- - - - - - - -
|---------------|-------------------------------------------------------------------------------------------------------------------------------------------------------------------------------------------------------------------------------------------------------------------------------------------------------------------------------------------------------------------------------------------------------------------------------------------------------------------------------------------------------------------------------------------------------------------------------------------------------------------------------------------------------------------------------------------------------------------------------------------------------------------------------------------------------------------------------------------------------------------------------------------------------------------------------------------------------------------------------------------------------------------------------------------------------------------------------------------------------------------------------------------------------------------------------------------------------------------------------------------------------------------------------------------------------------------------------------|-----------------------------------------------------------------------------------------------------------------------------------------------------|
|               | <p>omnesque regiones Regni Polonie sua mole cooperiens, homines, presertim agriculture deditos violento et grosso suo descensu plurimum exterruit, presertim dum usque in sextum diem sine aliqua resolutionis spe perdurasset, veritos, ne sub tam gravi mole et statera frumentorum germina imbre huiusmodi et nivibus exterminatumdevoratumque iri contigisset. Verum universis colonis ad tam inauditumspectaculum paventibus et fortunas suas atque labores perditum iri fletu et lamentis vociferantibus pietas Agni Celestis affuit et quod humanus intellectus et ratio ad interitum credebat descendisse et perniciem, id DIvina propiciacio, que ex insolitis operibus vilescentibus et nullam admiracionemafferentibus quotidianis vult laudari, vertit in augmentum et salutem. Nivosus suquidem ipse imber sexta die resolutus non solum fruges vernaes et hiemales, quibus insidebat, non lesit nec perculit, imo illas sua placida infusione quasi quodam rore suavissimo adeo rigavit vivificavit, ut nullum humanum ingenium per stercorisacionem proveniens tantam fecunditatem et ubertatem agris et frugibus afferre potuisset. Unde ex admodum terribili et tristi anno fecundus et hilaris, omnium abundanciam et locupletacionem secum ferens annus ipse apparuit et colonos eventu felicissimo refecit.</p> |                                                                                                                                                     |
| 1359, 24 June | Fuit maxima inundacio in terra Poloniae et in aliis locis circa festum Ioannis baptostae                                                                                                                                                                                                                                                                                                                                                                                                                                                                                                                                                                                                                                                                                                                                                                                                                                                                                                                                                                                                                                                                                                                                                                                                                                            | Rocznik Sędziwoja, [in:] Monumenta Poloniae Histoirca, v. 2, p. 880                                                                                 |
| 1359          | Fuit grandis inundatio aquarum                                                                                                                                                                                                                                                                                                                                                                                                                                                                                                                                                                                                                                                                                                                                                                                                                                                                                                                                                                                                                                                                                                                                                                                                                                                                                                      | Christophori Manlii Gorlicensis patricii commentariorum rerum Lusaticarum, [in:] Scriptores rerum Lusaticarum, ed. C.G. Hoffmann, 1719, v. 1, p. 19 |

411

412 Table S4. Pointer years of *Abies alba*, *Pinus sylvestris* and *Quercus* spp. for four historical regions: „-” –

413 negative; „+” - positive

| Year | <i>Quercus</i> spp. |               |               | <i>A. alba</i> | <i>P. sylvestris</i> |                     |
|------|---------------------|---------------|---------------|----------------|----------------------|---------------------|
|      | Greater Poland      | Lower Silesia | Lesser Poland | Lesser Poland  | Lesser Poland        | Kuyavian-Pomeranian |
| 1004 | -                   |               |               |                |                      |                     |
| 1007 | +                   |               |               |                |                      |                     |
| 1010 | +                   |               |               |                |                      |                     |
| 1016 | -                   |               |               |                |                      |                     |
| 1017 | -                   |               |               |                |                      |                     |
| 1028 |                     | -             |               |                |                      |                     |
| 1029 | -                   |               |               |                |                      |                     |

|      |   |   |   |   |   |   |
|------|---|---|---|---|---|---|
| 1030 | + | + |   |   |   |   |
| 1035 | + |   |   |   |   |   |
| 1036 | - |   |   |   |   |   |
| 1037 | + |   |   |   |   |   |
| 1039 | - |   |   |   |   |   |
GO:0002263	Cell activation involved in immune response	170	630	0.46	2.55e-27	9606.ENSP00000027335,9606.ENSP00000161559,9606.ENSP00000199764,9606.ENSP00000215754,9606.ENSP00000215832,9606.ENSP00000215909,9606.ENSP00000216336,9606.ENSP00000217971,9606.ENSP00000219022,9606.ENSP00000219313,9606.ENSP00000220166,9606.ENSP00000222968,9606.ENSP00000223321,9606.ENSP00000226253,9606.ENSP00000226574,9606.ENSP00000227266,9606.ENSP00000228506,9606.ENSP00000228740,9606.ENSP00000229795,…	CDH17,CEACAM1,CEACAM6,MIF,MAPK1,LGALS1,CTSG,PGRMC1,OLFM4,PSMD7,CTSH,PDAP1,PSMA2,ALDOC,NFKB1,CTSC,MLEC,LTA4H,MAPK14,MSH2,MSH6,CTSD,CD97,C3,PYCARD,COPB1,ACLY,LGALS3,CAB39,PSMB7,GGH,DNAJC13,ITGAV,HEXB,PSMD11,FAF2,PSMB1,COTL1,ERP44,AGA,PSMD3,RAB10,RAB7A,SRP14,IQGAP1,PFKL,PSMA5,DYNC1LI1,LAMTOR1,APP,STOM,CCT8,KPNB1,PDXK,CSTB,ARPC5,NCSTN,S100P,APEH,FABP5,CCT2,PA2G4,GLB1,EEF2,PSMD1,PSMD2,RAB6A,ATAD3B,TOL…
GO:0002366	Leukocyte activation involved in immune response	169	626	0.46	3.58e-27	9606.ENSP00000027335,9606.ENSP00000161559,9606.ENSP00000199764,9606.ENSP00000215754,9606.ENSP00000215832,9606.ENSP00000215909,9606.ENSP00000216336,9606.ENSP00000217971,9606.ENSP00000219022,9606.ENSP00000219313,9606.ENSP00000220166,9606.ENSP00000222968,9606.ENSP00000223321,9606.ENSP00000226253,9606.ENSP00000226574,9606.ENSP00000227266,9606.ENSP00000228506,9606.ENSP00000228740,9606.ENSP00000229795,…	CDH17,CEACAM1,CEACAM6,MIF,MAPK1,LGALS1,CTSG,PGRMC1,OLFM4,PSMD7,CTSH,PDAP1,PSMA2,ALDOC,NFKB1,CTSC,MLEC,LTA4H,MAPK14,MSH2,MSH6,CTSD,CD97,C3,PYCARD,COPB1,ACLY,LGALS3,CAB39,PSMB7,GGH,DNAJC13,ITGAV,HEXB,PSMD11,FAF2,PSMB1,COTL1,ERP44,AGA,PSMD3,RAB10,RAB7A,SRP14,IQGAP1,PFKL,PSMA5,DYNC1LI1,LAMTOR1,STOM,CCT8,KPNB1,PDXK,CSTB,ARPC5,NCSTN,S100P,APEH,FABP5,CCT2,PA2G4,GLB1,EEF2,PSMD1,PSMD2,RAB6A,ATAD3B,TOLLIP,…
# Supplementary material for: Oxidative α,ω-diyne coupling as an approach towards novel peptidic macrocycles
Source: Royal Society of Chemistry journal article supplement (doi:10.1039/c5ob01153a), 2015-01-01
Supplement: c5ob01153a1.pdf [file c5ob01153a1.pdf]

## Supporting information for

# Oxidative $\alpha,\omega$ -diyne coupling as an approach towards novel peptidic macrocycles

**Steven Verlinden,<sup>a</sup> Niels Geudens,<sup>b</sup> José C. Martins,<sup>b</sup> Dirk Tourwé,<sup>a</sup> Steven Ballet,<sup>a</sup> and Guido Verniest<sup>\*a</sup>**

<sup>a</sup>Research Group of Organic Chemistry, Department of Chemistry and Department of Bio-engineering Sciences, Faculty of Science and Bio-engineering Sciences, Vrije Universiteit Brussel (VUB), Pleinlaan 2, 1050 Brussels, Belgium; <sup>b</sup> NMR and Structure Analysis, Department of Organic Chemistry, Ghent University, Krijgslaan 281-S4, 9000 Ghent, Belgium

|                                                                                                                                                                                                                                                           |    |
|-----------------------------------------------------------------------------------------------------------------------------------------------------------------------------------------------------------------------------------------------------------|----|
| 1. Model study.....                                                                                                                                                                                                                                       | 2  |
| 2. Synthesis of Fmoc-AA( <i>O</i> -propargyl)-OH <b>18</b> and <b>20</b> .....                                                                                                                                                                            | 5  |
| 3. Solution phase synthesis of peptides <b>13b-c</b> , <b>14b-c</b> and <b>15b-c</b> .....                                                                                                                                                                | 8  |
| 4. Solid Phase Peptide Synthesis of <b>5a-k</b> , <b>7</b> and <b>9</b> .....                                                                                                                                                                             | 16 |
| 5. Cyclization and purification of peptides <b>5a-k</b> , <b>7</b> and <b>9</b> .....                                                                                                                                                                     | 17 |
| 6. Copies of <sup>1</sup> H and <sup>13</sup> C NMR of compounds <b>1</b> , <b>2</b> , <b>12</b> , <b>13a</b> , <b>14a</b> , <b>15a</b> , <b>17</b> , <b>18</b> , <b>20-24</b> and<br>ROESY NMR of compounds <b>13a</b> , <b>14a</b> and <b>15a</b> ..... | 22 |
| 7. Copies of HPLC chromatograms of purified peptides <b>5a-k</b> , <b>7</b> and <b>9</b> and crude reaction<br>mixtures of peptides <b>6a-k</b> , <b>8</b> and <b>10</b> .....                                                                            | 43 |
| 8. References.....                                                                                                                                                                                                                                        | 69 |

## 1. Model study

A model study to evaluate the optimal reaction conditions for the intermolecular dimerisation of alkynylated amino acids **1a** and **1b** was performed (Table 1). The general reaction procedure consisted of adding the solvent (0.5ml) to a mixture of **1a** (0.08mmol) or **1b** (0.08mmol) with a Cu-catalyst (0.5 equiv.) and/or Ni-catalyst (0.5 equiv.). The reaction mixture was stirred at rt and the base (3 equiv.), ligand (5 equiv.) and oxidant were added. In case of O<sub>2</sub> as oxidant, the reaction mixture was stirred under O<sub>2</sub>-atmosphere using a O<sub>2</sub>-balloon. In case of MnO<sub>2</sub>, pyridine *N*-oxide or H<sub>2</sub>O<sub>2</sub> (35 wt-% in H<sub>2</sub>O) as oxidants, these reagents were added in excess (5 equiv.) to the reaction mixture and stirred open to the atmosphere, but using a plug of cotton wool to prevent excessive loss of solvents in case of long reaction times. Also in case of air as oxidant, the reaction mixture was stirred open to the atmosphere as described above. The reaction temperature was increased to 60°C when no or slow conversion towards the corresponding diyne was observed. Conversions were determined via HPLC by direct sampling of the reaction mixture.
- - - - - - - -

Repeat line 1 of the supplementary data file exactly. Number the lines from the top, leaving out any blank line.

|---------------|-------------------------------------------------------------------------------------------------------------------------------------------------------------------------------------------------------------------------------------------------------------------------------------------------------------------------------------------------------------------------------------------------------------------------------------------------------------------------------------------------------------------------------------------------------------------------------------------------------------------------------------------------------------------------------------------------------------------------------------------------------------------------------------------------------------------------------------------------------------------------------------------------------------------------------------------------------------------------------------------------------------------------------------------------------------------------------------------------------------------------------------------------------------------------------------------------------------------------------------------------------------------------------------------------------------------------------------|-----------------------------------------------------------------------------------------------------------------------------------------------------|